Angina pectoris is a clinical syndrome characterized by paroxysms of pain or a feeling of pressure in the anterior chest. The cause is insufficient blood flow, resulting in an inadequate supply of oxygen to meet the myocardial demand. angina is usually the result of atherosclerotic (a form of arteriosclerosis characterized by the deposition of atheromatous plaques containing cholesterol and lipids on the innermost layer of the walls of large and medium-sized arteries) heart disease and is associated with s significant obstruction of a major coronary artery. Factors affecting anginal pain are physical exertion, exposure to cold, eating a heavy meal, stress, or any emotion-provoking situation that increases myocardial workload. Atypical angina is not associated with the above and may at rest. Diabetic neuropathy can interfere with neuroreceptors, thus dulling the patient’s perception of pain.
- Pain varies from a feeling of indigestion to a choking or heavy sensation in the upper chest to agonizing pain. The patient with diabetes mellitus may not experience severe pain with angina.
- Angina is a accompanied by severe apprehension and a feeling of impending death.
- The pain is usually retrosternal, deep in the chest behind the upper or middle third of the sternum.
- Discomfort is poorly localized and may radiate to the neck, jaw, shoulders, and inner aspect of the upper arms ( usually the left arm).
- patient feels a tightness, heavy choking, or strangling sensation with a viselike (tight), insistent quality. Shortness of breath, pallor, diaphoresis, dizziness, light-headedness, nausea, and vomiting may be noted ( called angina-like signs if noted alone; may represent myocardial infarction).
- Angina is accompanied by a feeling of weakness or numbness in the arms, wrists, and hands.
- An important characteristics of anginal pain is that it subsides when the precipitating cause is removed or with nitroglycerin ( it is used in medicine to dilate blood vessels). Chemical formula: C3H5N3O9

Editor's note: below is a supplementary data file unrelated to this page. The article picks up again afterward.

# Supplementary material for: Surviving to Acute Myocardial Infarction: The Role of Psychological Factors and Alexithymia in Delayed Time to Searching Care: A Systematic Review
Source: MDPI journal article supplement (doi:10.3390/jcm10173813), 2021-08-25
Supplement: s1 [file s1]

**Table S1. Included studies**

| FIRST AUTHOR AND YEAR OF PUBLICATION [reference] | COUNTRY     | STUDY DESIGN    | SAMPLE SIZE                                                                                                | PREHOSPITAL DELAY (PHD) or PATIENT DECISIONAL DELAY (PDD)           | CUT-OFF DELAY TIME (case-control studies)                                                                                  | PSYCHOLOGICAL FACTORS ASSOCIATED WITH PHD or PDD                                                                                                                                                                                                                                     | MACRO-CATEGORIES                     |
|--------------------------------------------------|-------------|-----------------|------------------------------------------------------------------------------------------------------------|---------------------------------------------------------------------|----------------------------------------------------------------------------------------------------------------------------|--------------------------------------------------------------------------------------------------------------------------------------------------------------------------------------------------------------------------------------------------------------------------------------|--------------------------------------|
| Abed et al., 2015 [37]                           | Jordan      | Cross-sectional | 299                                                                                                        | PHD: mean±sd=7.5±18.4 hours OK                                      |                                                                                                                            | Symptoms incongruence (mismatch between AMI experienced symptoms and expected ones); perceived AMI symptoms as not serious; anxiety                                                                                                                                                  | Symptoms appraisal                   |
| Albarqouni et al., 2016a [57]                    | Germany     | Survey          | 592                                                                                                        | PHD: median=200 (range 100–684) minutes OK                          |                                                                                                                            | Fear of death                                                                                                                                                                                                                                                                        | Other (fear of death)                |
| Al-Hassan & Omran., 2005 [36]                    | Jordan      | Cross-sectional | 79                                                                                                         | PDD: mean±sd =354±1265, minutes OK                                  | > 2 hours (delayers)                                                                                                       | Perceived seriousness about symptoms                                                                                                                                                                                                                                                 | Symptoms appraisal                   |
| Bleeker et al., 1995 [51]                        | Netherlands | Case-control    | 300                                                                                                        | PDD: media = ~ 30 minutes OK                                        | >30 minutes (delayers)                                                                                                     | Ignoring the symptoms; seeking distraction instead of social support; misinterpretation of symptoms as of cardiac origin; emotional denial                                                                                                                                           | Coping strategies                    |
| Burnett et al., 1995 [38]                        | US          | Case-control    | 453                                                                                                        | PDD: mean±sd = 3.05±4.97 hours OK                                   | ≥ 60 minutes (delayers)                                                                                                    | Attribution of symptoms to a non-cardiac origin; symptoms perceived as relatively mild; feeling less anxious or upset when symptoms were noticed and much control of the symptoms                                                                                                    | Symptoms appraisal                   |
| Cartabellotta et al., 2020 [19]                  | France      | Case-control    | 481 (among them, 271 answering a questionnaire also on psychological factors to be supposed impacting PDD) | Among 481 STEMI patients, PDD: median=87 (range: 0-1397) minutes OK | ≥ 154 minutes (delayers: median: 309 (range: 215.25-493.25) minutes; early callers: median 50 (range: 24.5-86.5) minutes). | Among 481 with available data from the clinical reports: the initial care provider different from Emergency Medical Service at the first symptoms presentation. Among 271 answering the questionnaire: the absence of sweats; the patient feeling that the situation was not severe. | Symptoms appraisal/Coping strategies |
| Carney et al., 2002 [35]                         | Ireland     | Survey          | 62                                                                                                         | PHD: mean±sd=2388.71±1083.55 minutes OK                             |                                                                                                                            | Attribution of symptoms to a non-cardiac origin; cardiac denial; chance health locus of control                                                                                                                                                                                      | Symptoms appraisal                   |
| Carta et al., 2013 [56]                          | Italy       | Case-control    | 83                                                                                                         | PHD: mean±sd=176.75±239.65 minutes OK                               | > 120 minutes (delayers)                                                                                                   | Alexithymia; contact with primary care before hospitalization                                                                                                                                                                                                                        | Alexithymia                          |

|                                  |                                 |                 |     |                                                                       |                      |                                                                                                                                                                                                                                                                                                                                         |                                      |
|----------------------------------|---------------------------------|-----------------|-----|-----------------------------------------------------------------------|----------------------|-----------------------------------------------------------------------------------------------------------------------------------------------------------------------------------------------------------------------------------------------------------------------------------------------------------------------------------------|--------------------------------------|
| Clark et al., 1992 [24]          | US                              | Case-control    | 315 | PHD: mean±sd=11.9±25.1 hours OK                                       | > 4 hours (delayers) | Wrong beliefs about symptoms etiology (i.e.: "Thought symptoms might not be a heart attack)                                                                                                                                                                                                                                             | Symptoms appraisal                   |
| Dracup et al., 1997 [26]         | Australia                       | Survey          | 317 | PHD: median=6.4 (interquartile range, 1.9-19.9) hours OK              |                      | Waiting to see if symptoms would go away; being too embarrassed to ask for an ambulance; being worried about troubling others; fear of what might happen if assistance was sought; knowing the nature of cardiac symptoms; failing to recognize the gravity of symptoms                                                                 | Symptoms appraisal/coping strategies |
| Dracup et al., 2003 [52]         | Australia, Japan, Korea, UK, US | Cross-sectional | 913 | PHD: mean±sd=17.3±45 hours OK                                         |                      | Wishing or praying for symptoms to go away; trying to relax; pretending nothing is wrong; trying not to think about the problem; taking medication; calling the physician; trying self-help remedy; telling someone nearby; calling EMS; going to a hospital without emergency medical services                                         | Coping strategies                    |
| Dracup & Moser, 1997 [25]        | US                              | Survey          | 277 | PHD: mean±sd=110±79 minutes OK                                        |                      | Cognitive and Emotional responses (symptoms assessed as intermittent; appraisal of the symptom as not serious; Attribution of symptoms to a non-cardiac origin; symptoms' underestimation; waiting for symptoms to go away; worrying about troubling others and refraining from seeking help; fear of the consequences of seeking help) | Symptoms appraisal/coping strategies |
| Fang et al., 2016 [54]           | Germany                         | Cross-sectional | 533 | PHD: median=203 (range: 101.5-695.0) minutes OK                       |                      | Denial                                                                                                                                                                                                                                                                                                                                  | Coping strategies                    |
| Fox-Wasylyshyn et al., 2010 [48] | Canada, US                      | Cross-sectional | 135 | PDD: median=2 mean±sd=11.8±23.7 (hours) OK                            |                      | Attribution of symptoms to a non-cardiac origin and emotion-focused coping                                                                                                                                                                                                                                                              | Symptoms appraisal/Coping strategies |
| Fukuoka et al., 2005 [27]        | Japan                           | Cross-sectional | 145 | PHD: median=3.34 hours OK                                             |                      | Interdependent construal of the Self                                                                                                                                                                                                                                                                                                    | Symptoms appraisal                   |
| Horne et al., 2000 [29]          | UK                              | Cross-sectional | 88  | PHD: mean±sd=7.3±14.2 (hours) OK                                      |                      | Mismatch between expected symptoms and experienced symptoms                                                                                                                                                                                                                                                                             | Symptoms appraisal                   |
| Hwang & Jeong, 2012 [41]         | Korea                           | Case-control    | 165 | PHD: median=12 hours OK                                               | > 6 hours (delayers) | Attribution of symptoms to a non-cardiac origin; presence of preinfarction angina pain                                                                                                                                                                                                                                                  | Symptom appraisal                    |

ASSESSMENT and DIAGNOSTIC METHODS
- Evaluation of clinical manifestations of pain and patient history
- Electrocardiogram changes ( 12-lead ECG), stress testing, blood tests
- Echocardiogram, nuclear scan, or invasive procedures such as cardiac catheterization and coronary artery angiography
The elderly person who experiences angina may not exhibit the typical pain profile because of age-related changes in neuroceptors. In older patients, pain may be sensed in the jaw or fainting may occur. Advise patient to recognize feelings of weakness as an indication for rest or taking prescribed medications. During exposure to cold temperature, elderly patients may experience anginal symptoms more quickly than younger people. Encourage these patients to wear warm clothing as appropriate.
The goals of medical management are to decrease the oxygen demands of the myocardium and to increase the oxygen supply through pharmacologic therapy and risk factor control.
Frequently, therapy includes a combination of medicine and surgery. Surgically, the goals of management include revascularization ( the process of restoring the functionality of an affected organ) of the blood supply to the myocardium.
- Coronary artery bypass surgery or minimally invasive direct coronary artery bypass (MIDCAB)
- Percutaneous transluminal coronary angioplasty (PTCA) or percutaneous transluminal myocardial revascularization (PTMR)
- Application of intracoronary stents and atherectomy to enhance blood flow.
- Lasers to vaporize plaques
- Percutaneous coronary endarterectomy to extract obstruction
- Nitrates, the mainstay of therapy (nitroglycerin)
- Beta-adrenergic blockers (metoprolol [Tropol]
- Calcium ion antagonists and calcium-channel blockers (amlodipine [Norvase] and diltiazem [Cardizeml])
- Antiplatelet and anti-coagulant medications (aspirin, clopidogrel [Plavix], ticlodipine [Ticlid], or heparin)
- Oxygen therapy
Handbook for Brunner and Suddarth’s
Textbook of Medical-Surgical Nursing 11th edition
Joyce Young Johnson
Lippincott Williams & Wilkins pp.63-65